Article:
Blue Pools Springbook, Springbook to Beechmont, 2000 signed and dated 'William Robinson 2000' lower left oil on canvas 206.5 x 263cm (81 5/16 x 103 9/16in).
PROVENANCE: Purchased from Ray Hughes Gallery, Sydney in April 2000
EXHIBITED: William Robinson: The Revelation of Landscape, National Trust S.H. Ervin Gallery, Sydney, 11 January - 2 March 2003; Mornington Peninsula Regional Gallery, Victoria, 28 March - 18 May 2003 William Robinson The Revelation of Landscape, University of South Australia Art Museum, Adelaide, 27 February - 3 April 2004 Realms of Vision: The Art of William Robinson, Queensland University of Technology, Brisbane, 26 August 2009 - 22 August 2010 Laverty 2, Newcastle Regional Art Gallery, Newcastle, 14 May - 14 August 2011
LITERATURE: Giles Auty, 'Secret judges business', The Weekend Australian, Arts Review, 8-9 April 2000, p.23 (illus.) Joyce Morgan, 'Paints, piano, and a shifting perspective', Sydney Morning Herald, 13 August 2001 (illus.) Lou Klepac, William Robinson Paintings 1987-2000, The Beagle Press, Sydney 2001, pp.1-7 (illus.) William Robinson: The Revelation of Landscape, exh. cat., National Trust S.H. Ervin Gallery, Sydney, 2003, pp.32-33 (illus. cover) Bruce James, 'A Landscape we thought we knew', Sydney Morning Herald, Visual Arts, 29 January 2003, p.15 (illus.) William Robinson The Revelation of Landscape, exh. cat., University of South Australia Art Museum, Adelaide, 2004, p.3 (illus.) Stephanie Radok, 'Offering a fresh perspective', The Adelaide Review, April 2004, p.25 (illus.) Realms of Vision: The Art of William Robinson, exh. cat., Queensland University of Technology, Brisbane, 2009, p.54 (illus.) Desmond MacAulay and Bettina MacAulay, William Robinson, The Transfigured Landscape, Queensland University of Technology, Brisbane and Piper Press, 2011, p.194 (illus.)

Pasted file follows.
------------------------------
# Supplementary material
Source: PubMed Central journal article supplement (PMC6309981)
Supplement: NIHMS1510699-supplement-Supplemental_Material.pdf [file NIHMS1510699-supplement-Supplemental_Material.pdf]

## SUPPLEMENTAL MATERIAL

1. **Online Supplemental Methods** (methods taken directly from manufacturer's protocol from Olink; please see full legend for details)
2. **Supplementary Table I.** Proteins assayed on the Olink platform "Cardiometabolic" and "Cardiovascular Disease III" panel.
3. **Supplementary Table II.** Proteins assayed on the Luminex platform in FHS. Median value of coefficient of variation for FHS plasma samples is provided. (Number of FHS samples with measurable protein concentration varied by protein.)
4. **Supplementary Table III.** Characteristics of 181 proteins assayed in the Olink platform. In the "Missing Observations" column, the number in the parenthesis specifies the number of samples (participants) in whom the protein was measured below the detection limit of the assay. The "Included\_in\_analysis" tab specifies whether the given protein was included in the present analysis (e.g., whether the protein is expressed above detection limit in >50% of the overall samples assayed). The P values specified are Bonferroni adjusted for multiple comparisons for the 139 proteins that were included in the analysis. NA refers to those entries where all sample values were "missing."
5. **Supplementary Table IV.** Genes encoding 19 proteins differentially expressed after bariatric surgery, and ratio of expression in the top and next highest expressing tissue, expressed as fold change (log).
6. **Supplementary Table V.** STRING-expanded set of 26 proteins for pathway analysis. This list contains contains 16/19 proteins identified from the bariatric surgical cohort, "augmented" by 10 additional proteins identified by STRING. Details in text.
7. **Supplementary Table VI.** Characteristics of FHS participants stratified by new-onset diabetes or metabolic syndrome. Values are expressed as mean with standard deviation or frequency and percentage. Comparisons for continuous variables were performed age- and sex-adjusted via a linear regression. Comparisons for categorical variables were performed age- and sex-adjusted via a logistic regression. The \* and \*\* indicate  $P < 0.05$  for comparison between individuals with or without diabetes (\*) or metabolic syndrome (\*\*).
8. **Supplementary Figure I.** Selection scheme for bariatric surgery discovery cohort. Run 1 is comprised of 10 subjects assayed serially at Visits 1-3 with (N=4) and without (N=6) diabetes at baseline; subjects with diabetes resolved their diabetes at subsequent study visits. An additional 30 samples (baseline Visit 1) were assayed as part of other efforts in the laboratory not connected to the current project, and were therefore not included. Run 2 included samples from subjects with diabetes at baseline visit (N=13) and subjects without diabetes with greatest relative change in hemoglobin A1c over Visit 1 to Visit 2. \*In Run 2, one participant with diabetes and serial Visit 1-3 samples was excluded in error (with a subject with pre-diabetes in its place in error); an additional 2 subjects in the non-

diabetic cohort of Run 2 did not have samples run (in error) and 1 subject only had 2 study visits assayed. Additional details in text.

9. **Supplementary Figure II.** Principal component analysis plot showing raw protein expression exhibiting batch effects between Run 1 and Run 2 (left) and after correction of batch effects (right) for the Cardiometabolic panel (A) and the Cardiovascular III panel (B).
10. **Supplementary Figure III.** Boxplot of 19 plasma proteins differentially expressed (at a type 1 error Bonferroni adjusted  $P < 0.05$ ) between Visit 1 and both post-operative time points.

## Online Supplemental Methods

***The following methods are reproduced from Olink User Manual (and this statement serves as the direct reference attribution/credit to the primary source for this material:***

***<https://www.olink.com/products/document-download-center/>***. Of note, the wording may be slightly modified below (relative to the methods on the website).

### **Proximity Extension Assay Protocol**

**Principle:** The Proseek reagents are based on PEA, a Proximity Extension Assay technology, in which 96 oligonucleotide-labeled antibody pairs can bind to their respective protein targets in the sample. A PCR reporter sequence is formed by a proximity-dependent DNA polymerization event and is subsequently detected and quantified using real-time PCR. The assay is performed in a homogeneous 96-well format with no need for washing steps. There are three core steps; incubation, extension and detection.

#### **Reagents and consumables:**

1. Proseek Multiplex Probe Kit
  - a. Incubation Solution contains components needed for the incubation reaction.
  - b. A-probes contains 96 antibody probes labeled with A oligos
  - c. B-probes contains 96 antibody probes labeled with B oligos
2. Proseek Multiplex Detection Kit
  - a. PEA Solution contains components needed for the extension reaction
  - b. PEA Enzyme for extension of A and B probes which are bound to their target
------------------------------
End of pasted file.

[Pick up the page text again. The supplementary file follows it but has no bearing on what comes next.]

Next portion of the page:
There is at times a mystical light in the landscape just before the sun sets and the night sky with stars emerges. It implies a cadence of interruption in the movement of time and is held in stillness for a moment. In this work there are many perspectives used to include the viewer in the landscape. It is as though we have the freedom of a bird to move in the space of the picture. The Springbrook to Beechmont landscape is mountainous, a place of Transfiguration where light has held us in its embrace. The blue pools reflect the particular blue between light and dark. The emerging starry sky on the bottom right is caused by us looking up. We look simultaneously down at the blue pools and both up and down to the darkened Numinbah Valley and then to the distant Beechmont. This is among my most important works.
William Robinson, 2012
William Robinson was a slow starter, virtually unknown outside of Brisbane before the age of fifty. His first exhibitions met with a mixed reception, some dismissing his farmyard scenes as "naïve", while others believed an extraordinary new talent had arrived. Curator, Nick Waterlow, was an admirer, and included Robinson's paintings in the 1986 Biennale of Sydney. This would lead to the purchase of two paintings, a pastel and a drawing by the Metropolitan Museum of Art, New York.
By the late 1980s Robinson had abandoned genre scenes in favour of landscape, and it is to these works that he owes his reputation today as one of Australia's finest living painters. Throughout the 1990s, in successive shows at the Ray Hughes Gallery in Sydney, Robinson broke new ground. His views of the rainforest were unlike anything seen before in both compositional complexity and the visionary grandeur of their conception.
Like the German Romantics, Robinson gave us a landscape imbued with spiritual force, but where masters such as C.D. Friedrich created sparse, suggestive vistas, Robinson's paintings teemed with life. As well as the intrinsic beauty of the scenery, inspiration came from the artist's religious faith and his life-long love of music.
Blue Pools, Springbrook is an exceptional example of Robinson's mature style. It is a closely observed study of the rainforest in which the last rays of the setting sun cast a golden light across the tree-tops, while a pool in the bottom right-hand corner reflects a night sky laden with stars. Using very small brushes Robinson has skillfully orchestrated the transition from light to darkness, condensing time in the process.
In relation to this painting he has written: "This feeling of living energy that is the landscape is quite the opposite of the static one frame, one viewpoint." For the viewer it is a revelation that unfolds on canvas, as the eye makes the journey from the peaks of the distant mountains to the depths of the forest.
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